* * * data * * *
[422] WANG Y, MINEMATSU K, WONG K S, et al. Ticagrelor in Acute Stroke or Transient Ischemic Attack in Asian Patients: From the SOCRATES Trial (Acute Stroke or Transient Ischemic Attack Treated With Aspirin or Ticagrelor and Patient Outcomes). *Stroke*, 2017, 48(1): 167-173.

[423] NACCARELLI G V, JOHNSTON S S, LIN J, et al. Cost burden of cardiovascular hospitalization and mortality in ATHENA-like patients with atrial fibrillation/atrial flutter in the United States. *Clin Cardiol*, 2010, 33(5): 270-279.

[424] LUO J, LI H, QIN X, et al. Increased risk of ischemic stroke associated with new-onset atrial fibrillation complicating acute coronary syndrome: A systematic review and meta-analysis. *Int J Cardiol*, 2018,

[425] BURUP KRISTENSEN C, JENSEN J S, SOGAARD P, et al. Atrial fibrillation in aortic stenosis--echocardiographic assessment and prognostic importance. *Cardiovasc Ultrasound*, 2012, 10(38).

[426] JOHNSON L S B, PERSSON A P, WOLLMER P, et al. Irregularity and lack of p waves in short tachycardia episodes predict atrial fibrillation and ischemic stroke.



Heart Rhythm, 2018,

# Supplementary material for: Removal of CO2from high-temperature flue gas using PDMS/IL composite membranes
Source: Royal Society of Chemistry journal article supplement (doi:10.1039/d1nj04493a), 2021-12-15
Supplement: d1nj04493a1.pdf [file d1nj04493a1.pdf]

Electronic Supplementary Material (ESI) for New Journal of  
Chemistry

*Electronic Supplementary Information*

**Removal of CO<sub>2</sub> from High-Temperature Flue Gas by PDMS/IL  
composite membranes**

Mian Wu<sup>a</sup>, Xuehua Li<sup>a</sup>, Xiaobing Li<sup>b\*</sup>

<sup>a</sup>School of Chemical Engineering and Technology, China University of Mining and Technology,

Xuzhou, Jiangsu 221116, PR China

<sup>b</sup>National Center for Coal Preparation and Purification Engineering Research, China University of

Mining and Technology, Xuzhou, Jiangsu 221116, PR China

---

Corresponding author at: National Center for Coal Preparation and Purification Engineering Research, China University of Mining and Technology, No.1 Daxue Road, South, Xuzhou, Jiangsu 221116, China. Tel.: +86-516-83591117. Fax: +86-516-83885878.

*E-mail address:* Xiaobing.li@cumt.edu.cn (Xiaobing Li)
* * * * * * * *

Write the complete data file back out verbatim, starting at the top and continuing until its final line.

[422] WANG Y, MINEMATSU K, WONG K S, et al. Ticagrelor in Acute Stroke or Transient Ischemic Attack in Asian Patients: From the SOCRATES Trial (Acute Stroke or Transient Ischemic Attack Treated With Aspirin or Ticagrelor and Patient Outcomes). *Stroke*, 2017, 48(1): 167-173.

[423] NACCARELLI G V, JOHNSTON S S, LIN J, et al. Cost burden of cardiovascular hospitalization and mortality in ATHENA-like patients with atrial fibrillation/atrial flutter in the United States. *Clin Cardiol*, 2010, 33(5): 270-279.

[424] LUO J, LI H, QIN X, et al. Increased risk of ischemic stroke associated with new-onset atrial fibrillation complicating acute coronary syndrome: A systematic review and meta-analysis. *Int J Cardiol*, 2018,

[425] BURUP KRISTENSEN C, JENSEN J S, SOGAARD P, et al. Atrial fibrillation in aortic stenosis--echocardiographic assessment and prognostic importance. *Cardiovasc Ultrasound*, 2012, 10(38).

[426] JOHNSON L S B, PERSSON A P, WOLLMER P, et al. Irregularity and lack of p waves in short tachycardia episodes predict atrial fibrillation and ischemic stroke.



Heart Rhythm, 2018,

# Supplementary material for: Removal of CO2from high-temperature flue gas using PDMS/IL composite membranes
Source: Royal Society of Chemistry journal article supplement (doi:10.1039/d1nj04493a), 2021-12-15
Supplement: d1nj04493a1.pdf [file d1nj04493a1.pdf]

Electronic Supplementary Material (ESI) for New Journal of  
Chemistry

*Electronic Supplementary Information*

**Removal of CO<sub>2</sub> from High-Temperature Flue Gas by PDMS/IL  
composite membranes**

Mian Wu<sup>a</sup>, Xuehua Li<sup>a</sup>, Xiaobing Li<sup>b\*</sup>

<sup>a</sup>School of Chemical Engineering and Technology, China University of Mining and Technology,

Xuzhou, Jiangsu 221116, PR China

<sup>b</sup>National Center for Coal Preparation and Purification Engineering Research, China University of

Mining and Technology, Xuzhou, Jiangsu 221116, PR China

---

Corresponding author at: National Center for Coal Preparation and Purification Engineering Research, China University of Mining and Technology, No.1 Daxue Road, South, Xuzhou, Jiangsu 221116, China. Tel.: +86-516-83591117. Fax: +86-516-83885878.

*E-mail address:* Xiaobing.li@cumt.edu.cn (Xiaobing Li)